Dietary fat and breast cancer risk: The feasibility of a clinical trial of breast cancer prevention
- Cite this article as:
- Boyd, N.F., Cousins, M., Lockwood, G. et al. Lipids (1992) 27: 821. doi:10.1007/BF02535857
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Animal experimental evidence and human ecological data suggest that dietary fat intake is related to breast cancer risk. Epidemiological studies within countries have given inconsistent results but are limited by the restricted range of dietary intake found in Western populations and by error in the measurement of fat consumption. Experimental evidence, derived from controlled clinical trials in which the range of fat intake is increased beyond that seen in most Western populations, is capable of overcoming this limitation of observational epidemiology, and would provide the strongest evidence available concerning the relationship of dietary fat intake to breast cancer risk. Further, such trials are the only means likely to answer the question of whether breast cancer risk in high-risk subjects can be modified by changing dietary fat intake. We describe here several aspects of the feasibility of an experimental approach to this problem, including the identification of subjects at increased risk for breast cancer, and the demonstration that such subjects will enter a clinical trial of dietary fat reduction and comply with a low-fat diet. It is shown that subjects can be recruited and retained in such trials, that satisfactory dietary compliance can be achieved over at least 24 mon and that the subjects selected are at demonstrably increased risk of breast cancer. This finding indicates that it is feasible to test the dietary fat-breast cancer hypothesis experimentally by means of a clinical trial.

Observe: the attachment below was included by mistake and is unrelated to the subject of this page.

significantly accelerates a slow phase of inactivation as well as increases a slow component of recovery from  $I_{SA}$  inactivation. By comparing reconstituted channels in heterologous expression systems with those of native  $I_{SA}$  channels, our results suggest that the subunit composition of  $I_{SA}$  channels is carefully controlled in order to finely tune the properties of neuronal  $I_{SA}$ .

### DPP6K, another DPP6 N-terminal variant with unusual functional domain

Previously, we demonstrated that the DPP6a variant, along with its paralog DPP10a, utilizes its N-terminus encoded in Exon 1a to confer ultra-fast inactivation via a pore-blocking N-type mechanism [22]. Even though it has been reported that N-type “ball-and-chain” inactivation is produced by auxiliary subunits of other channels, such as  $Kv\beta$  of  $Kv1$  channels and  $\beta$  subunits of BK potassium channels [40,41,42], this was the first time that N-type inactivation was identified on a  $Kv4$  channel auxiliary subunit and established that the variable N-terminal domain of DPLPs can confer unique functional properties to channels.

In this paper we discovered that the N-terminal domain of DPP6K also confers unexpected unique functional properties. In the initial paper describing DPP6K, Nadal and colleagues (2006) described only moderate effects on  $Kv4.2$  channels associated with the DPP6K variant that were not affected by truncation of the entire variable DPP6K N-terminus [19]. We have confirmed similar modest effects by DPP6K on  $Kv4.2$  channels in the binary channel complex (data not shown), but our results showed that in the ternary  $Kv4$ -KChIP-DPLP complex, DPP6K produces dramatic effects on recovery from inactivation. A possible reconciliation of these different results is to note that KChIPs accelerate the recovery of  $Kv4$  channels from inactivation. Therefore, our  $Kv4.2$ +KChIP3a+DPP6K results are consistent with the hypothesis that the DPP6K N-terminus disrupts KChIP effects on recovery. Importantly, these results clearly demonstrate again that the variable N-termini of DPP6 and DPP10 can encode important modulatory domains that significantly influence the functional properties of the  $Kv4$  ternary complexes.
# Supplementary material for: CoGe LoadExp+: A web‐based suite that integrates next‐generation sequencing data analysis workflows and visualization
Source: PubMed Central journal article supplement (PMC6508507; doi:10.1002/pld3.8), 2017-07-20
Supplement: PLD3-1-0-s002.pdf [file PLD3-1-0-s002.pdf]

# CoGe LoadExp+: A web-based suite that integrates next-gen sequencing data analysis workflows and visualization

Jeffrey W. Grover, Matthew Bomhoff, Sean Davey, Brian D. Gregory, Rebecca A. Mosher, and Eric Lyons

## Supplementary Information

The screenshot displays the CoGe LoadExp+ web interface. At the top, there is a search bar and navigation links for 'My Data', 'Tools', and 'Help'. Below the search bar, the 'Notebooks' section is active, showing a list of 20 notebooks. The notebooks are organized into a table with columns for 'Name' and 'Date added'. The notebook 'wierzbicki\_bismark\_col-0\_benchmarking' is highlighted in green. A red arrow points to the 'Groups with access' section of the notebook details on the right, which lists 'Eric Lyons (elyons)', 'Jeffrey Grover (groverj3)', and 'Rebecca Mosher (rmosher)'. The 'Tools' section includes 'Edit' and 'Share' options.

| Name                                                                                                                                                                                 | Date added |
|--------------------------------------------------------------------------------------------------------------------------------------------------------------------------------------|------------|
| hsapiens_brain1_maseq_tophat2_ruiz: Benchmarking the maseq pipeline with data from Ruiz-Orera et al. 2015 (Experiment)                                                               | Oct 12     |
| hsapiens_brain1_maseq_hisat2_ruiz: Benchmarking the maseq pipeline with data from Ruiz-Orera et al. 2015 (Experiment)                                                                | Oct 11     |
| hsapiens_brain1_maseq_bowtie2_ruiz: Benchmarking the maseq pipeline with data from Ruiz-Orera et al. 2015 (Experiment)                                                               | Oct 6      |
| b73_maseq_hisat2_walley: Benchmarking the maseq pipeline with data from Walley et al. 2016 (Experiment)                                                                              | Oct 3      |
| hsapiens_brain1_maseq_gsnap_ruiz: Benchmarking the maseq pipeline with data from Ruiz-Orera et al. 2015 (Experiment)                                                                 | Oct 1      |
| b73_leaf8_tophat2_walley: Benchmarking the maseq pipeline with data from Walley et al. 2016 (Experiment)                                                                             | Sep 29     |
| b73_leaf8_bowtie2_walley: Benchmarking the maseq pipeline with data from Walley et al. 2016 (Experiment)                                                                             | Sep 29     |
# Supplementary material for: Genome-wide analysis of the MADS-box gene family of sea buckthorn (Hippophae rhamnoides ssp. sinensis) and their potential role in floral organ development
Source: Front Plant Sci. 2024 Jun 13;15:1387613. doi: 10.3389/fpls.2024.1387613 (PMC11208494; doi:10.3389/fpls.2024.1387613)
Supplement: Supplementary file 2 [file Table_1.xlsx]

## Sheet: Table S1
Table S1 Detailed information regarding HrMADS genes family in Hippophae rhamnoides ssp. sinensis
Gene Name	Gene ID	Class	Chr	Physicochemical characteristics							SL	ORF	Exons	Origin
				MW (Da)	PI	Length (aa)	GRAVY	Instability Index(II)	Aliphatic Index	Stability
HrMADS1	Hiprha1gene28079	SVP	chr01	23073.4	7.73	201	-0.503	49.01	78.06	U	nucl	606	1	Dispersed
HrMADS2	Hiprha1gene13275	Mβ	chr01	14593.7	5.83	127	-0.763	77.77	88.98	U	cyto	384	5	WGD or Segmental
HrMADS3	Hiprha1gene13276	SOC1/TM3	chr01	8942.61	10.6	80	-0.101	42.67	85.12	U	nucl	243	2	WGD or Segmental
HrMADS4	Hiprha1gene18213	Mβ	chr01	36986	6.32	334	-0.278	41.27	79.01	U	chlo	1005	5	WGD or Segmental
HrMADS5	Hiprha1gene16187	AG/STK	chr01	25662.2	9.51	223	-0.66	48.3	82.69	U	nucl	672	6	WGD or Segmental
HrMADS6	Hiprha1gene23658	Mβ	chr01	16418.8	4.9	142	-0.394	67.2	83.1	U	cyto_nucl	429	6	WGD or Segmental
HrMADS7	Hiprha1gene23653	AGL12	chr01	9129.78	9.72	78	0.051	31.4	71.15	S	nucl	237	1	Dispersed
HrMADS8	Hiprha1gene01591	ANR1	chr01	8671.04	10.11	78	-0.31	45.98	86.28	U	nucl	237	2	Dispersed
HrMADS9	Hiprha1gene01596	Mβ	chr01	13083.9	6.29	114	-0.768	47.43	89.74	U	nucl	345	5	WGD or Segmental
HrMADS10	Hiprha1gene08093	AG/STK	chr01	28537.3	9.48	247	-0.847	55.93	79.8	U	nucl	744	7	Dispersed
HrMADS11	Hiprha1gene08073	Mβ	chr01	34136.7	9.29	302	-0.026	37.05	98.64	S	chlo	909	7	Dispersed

Breast Cancer Detection and Demonstration Projects
high-density lipoprotein cholesterol